NASA finds Mars slightly less inhospitable
There was life, maybe. In one bit. A really long time ago
NASA boffins believe they have found evidence suggesting that Mars may not have been barren and lifeless for its entire history.
"We have found evidence that not all of Mars experienced an intense, acidic weathering environment 3.5 billion years ago, as has been proposed," said Bethany Ehlmann of Brown University. "We've found at least one region that was potentially more hospitable to life."
Ehlmann is one of the scientists analysing data from NASA's Mars Reconnaissance Orbiter (MRO) above the Red Planet. In this case, the information comes from an instrument on the orbiter called CRISM, the Compact Reconnaissance Imaging Spectrometer for Mars.
Some scientists had theorised that Mars has had a highly acidic environment for the last three billion years and more, meaning that life would have had a hard time coming into being. But now Ehlmann and her colleagues have used CRISM pictures to detect carbonate minerals in the neighbourhood of the Isidis crater.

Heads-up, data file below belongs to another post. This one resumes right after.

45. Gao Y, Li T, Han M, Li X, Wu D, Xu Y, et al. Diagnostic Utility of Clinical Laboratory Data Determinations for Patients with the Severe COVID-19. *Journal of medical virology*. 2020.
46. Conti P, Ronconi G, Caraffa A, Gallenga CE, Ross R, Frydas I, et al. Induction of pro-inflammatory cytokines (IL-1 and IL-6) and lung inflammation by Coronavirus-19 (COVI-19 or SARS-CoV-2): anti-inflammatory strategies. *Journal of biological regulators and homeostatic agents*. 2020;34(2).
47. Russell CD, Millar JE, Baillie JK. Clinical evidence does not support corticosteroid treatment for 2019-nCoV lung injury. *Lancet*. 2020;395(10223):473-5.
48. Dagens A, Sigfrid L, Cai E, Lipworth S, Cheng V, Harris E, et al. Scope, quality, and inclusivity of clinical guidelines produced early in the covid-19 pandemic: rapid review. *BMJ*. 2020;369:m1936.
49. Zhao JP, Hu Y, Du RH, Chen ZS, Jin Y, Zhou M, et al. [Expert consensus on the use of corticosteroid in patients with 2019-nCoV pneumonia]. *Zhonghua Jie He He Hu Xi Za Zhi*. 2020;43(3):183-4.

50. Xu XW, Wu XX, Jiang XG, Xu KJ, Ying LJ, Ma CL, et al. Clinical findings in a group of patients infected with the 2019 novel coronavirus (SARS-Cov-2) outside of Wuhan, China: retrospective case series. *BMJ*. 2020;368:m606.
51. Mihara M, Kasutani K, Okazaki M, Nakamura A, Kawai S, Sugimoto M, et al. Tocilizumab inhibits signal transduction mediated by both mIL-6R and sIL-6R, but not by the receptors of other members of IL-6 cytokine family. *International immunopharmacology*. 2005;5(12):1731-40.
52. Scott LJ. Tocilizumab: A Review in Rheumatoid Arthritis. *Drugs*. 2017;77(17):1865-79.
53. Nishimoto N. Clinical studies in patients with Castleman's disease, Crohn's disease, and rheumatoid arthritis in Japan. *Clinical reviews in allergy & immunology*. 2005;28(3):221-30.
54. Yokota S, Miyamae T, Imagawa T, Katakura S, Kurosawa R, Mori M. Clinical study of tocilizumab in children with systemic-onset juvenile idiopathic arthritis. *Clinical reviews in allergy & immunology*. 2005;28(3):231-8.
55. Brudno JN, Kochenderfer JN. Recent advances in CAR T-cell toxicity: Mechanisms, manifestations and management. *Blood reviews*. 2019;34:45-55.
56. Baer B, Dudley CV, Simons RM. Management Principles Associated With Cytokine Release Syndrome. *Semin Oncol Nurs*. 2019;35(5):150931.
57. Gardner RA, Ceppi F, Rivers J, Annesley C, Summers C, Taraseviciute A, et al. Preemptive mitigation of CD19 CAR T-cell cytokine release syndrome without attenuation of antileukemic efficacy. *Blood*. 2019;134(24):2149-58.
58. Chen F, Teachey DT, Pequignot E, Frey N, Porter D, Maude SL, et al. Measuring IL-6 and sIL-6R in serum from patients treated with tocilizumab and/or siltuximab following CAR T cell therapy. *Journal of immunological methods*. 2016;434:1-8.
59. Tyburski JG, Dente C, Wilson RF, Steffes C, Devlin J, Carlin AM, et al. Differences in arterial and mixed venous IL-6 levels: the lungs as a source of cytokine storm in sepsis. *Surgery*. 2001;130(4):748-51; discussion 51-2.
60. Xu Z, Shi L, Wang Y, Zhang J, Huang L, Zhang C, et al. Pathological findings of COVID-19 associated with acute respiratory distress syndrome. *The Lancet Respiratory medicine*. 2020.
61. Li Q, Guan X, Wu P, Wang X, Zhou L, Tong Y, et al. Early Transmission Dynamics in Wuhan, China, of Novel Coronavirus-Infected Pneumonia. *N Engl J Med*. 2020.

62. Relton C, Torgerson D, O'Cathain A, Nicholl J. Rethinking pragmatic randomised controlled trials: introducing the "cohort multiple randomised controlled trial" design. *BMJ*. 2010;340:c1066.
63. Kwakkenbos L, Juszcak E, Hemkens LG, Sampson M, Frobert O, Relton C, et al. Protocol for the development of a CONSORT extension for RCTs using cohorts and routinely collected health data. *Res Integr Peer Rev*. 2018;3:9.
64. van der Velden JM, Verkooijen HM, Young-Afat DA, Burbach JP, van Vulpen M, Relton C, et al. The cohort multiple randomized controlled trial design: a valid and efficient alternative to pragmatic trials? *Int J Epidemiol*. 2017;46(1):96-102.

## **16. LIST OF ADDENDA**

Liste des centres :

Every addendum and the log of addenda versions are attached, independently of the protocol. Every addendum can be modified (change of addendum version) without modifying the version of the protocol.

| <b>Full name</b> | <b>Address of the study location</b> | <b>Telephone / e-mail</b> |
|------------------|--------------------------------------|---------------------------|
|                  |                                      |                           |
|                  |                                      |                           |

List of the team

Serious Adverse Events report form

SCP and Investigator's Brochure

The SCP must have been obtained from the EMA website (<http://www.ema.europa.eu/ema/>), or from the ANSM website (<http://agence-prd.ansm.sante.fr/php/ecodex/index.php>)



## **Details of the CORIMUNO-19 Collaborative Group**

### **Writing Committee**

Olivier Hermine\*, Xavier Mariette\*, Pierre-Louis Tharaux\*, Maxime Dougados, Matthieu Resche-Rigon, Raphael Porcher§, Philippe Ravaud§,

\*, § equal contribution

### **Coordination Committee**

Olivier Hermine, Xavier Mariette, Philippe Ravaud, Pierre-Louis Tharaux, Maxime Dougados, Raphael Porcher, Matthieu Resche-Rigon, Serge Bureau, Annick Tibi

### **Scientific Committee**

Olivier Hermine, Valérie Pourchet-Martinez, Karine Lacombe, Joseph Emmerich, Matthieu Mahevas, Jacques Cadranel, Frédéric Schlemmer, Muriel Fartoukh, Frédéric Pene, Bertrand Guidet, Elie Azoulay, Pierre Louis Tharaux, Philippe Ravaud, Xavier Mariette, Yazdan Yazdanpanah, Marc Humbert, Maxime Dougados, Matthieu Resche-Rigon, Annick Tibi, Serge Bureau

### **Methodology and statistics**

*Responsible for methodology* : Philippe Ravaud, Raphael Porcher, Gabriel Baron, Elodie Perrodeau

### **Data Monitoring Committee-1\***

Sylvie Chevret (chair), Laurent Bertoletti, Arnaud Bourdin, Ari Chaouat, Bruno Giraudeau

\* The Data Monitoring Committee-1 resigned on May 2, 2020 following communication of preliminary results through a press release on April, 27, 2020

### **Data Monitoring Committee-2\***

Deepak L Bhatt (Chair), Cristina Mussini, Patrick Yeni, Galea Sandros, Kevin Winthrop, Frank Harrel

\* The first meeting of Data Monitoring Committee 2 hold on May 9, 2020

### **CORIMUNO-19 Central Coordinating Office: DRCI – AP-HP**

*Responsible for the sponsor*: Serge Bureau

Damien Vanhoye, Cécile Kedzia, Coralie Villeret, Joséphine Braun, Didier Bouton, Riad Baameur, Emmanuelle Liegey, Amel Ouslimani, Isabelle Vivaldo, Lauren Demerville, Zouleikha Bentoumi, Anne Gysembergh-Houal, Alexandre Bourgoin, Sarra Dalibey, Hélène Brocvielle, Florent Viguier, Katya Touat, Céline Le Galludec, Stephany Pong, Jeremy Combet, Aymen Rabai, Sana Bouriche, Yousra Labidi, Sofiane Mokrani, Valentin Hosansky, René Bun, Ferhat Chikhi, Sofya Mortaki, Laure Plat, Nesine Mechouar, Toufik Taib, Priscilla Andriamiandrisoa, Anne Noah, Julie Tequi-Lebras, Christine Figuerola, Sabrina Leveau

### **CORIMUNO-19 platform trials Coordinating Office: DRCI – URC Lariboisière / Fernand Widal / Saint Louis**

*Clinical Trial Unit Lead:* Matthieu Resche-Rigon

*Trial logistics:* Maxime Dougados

If Mars had been acidic and lifeless for billions of years, as had been thought, these carbonates should have dissolved long ago. As the NASA boffins see it, their presence now means that there must have been watery environments present in the past, which would have been much more likely to sustain life. If there was any.
Truly massive amounts of carbonate would indicate that Mars once had a much thicker atmosphere, according to the scientists, but they don't think their finds are in that league.
"The carbonates that CRISM has observed are regional rather than global in nature," says Ehlmann.
"We have not found the types of carbonate deposits which might have trapped an ancient atmosphere."
According to NASA, the newly-mapped carbonate deposits could indicate places where future landers and rovers might profitably be sent to seek evidence of past life on Mars. ®